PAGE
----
At oral argument, NRCM pressed its request for injunctive relief, insisting it was not moot despite the issuance of the September 21, 2005 MEPDES permit. Relying on Atlantic Salmon, 339 F.3d at 23, NRCM argued that this Court retains the authority to grant injunctive relief even after a permit has issued and become effective. NRCM quoted the First Circuit: "Injunctive remedies for past harm commonly dictate future conduct so as to mitigate past harm. To say that the injunction looks to the future does not alter the fact that it is rooted in past violations, nor prevent its aims or its effects from being remedial." Id. at 33 (internal citation omitted).

But, this quotation is a response to what the First Circuit described as a "classic non sequitur": to prevent future conduct, an injunction usually acts on conduct, which at the point of its issuance, is past conduct. Here, the conduct that NRCM complained about -- namely the unpermitted discharge of pollutants into the Androscoggin River -- was fully rectified upon MDEP's issuance of a final MEDPES permit. To enjoin IP from discharging until it obtains a permit it has already obtained would be simply nonsensical.

NRCM's reliance on Atlantic Salmon is misplaced. In Atlantic Salmon, Judge Carter was faced with salmon farm companies, which at the time the injunction issued, not only did not have a NPDES permit, but had never had one. Id. at 26 ("EPA never issued permits for any of the companies' sites"). After the district court issued its injunction, MDEP issued a MEPDES permit, which was in some respects more lenient than the injunction. Id. at 29-30. The question then arose as to the continuing vitality of the injunction. The First Circuit concluded that "the court may grant additional injunctive relief governing the post-permit operations of the companies insofar as the court is remedying harm caused by their past violations." Id. at 31 (emphasis omitted).

But, here, this Court has concluded that IP had a valid NPDES permit before September 21, 2005 and the record confirms it now has a valid MEPDES permit. Even if this Court has the theoretical authority to issue an injunction establishing stricter conditions than the MEPDES permit allows, it has no basis for doing so. NRCM's Complaint states and restates that it is seeking an injunction to prohibit discharges "until [IP] obtains a valid NPDES permit." Compl. ¶ 4 & pg. 11. Following the issuance of the permit, NRCM has not moved to amend its Complaint to state a claim for alternative relief in view of the newly issued permit. As such, there are no allegations in the Complaint that provide a basis, even when viewed in a light most favorable to NRCM, for granting the relief NRCM sought for the first time at oral argument.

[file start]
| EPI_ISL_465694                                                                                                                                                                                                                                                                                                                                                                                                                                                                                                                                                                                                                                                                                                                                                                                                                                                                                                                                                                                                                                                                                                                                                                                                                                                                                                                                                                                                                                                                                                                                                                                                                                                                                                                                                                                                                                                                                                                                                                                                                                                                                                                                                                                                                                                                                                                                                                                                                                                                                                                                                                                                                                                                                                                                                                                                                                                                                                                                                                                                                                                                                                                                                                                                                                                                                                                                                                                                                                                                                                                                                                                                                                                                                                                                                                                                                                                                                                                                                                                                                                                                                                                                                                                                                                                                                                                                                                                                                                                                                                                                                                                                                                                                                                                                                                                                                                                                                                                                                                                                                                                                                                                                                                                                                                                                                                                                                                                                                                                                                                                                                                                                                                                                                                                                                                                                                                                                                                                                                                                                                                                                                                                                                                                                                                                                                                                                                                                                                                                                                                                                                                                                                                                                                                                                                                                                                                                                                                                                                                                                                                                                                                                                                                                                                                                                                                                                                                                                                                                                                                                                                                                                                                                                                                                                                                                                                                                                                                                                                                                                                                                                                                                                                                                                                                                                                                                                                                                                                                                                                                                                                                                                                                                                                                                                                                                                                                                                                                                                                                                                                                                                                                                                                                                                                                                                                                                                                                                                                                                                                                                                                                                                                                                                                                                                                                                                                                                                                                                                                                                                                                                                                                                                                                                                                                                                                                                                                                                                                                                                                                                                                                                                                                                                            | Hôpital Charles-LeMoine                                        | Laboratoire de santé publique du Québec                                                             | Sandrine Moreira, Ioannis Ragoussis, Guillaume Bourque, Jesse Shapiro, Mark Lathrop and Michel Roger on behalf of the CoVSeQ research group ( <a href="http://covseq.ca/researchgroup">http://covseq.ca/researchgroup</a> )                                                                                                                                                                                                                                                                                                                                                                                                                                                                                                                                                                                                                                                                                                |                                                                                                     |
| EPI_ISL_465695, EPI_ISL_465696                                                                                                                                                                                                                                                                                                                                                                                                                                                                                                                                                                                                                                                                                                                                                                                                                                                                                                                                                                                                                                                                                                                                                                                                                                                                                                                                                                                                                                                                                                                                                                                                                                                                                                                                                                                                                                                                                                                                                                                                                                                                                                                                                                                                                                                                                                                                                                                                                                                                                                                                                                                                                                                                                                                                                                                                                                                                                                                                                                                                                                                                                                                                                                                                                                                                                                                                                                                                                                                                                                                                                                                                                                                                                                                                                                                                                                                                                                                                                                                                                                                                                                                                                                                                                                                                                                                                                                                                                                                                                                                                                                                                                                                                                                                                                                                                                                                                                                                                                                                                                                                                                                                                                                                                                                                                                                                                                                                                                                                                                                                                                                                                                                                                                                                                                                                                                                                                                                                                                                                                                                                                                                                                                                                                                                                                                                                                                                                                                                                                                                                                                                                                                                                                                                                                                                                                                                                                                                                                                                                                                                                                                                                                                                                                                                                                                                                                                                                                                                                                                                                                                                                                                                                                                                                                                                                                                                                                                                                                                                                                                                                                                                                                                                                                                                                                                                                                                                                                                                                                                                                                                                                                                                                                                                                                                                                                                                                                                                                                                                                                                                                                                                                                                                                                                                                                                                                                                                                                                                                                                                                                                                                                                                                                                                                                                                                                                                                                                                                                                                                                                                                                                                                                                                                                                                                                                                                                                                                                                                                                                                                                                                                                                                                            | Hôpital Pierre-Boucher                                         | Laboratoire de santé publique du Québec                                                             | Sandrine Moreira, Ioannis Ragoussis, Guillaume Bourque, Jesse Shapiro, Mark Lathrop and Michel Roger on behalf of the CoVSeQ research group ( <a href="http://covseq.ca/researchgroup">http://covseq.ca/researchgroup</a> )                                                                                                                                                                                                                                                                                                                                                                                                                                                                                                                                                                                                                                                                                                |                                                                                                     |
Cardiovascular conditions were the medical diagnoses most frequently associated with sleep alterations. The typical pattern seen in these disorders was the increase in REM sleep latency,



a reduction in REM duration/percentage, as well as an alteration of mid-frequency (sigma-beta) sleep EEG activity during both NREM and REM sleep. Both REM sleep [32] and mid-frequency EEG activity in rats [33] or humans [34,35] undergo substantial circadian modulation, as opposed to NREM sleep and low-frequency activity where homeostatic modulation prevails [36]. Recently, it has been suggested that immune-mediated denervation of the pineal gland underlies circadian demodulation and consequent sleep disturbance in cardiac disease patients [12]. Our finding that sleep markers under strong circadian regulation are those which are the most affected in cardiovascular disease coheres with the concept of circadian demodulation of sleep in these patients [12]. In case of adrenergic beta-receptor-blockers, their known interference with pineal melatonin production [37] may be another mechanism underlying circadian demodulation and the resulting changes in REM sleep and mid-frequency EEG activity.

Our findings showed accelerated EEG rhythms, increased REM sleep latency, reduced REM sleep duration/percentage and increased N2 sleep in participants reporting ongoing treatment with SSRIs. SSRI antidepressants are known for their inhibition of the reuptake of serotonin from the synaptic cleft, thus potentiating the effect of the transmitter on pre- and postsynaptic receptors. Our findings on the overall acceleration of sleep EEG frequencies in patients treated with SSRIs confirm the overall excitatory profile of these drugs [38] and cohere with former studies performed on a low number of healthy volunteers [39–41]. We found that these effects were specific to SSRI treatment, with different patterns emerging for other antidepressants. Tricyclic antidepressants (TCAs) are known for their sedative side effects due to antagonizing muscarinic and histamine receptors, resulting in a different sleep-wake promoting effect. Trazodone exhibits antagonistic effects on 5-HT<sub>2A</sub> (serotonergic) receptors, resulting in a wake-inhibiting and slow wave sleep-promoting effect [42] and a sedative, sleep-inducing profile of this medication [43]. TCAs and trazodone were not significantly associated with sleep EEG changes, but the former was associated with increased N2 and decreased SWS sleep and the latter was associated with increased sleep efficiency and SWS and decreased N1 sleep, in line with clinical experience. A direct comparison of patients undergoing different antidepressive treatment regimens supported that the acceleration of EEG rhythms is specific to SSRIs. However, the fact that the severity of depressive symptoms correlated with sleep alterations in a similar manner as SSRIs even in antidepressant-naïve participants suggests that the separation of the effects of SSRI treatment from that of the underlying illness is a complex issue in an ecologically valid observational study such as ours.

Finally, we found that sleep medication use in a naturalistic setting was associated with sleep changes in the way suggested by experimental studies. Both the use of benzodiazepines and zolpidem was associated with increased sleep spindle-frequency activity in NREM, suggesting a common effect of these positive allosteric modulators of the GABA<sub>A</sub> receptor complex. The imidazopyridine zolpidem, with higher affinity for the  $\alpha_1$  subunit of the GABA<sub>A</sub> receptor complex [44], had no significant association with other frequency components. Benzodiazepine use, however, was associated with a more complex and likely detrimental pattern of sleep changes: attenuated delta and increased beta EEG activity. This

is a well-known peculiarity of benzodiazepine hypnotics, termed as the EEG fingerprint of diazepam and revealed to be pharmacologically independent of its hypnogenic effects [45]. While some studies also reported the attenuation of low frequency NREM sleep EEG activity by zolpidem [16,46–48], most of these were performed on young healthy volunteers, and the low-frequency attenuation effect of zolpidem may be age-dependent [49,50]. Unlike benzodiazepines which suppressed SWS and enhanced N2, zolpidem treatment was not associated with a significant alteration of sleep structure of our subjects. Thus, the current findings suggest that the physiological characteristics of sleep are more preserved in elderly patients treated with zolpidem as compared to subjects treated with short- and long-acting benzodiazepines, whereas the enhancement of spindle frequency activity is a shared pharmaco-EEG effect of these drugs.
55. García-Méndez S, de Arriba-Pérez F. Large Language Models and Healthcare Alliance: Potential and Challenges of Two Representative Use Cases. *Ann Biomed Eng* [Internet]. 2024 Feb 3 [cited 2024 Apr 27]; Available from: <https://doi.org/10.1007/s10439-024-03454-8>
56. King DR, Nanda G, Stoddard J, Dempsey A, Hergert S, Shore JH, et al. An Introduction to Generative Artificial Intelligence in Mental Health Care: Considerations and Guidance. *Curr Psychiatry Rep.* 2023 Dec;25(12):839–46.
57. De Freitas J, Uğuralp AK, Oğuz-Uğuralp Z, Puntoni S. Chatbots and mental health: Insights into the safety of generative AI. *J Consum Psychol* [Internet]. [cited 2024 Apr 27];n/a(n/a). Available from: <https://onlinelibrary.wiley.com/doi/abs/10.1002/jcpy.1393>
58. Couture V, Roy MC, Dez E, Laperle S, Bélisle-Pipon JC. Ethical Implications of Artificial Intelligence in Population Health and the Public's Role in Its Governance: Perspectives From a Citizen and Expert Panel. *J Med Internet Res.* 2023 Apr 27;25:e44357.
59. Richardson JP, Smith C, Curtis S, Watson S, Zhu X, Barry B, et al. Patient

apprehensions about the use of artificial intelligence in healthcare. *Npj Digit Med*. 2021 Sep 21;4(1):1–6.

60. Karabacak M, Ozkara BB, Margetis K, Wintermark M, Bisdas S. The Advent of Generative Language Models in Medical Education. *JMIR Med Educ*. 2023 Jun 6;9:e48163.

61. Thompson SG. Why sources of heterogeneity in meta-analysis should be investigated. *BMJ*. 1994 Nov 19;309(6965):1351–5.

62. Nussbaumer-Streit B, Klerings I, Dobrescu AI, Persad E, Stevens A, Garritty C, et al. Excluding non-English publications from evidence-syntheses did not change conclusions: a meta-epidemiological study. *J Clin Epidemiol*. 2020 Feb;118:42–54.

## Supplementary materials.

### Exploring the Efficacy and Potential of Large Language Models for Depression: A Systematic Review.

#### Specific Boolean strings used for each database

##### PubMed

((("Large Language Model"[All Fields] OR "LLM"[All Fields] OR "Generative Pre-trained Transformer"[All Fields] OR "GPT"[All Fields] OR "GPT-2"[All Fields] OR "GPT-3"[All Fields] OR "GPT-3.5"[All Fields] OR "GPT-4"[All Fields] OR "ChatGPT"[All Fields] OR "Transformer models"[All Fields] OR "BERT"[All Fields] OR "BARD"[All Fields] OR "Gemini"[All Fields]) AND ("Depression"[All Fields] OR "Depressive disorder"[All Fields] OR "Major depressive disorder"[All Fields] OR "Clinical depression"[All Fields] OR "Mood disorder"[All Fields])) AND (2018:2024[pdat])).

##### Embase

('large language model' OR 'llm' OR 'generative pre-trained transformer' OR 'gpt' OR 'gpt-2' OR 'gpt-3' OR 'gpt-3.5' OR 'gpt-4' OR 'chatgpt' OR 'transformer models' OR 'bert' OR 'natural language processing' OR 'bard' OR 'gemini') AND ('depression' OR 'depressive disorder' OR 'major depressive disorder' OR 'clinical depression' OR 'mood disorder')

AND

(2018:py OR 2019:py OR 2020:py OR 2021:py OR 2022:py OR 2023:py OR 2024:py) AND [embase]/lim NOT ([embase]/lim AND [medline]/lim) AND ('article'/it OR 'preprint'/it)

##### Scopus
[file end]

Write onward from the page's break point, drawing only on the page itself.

Regarding civil penalties, the weight of authority is, particularly post-Laidlaw, that a defendant's post-complaint compliance with the CWA will not necessarily moot a citizen-plaintiff's claim for civil penalties. This Court cannot agree with Mississippi River Revival's conclusion that Laidlaw equates injunctive relief and civil penalties. To the contrary, Laidlaw distinguished between injunctive relief and civil penalties: "Under § 1365(a), the district court has discretionto determine which form of relief is best suited, in the particular case, to abate current violations and deter future ones." 528 U.S. at 192. Laidlaw noted that injunctive relief can be "an excessively intrusive remedy" and "could entail continuing superintendence of the permit holder's activities by a federal court." Id. at 193. Laidlaw upheld the district court's imposition of a substantial civil fine, despite its denial of injunctive relief. Id.

At this stage and on this motion, this Court declines to render moot NRCM's claim for civil penalties. The critical question under Laidlaw is whether IP's conduct justifies the imposition of civil penalties to deter future conduct. As Mississippi River Revival suggests, if the failure to issue a timely permit were caused solely by the agency, not the defendant, it seems inappropriate to create a modern day whipping boy, here punishing IP for the inaction of government. 319 F.3d at 1016-17. But, it is also true that Mississippi River Revival distinguished between the municipal defendants in that case and a case, as here, involving an industrial point source operator, at least theoretically capable of "not discharging until the NPDES permit issued." Id. at 1017. At this early stage, without any further information, this Court cannot assess whether IP deserves deterrence and whether and how to apply the factors set forth in 33 U.S.C. § 1319(d).

E. Effect of Delegation of NPDES Permitting Authority to MDEP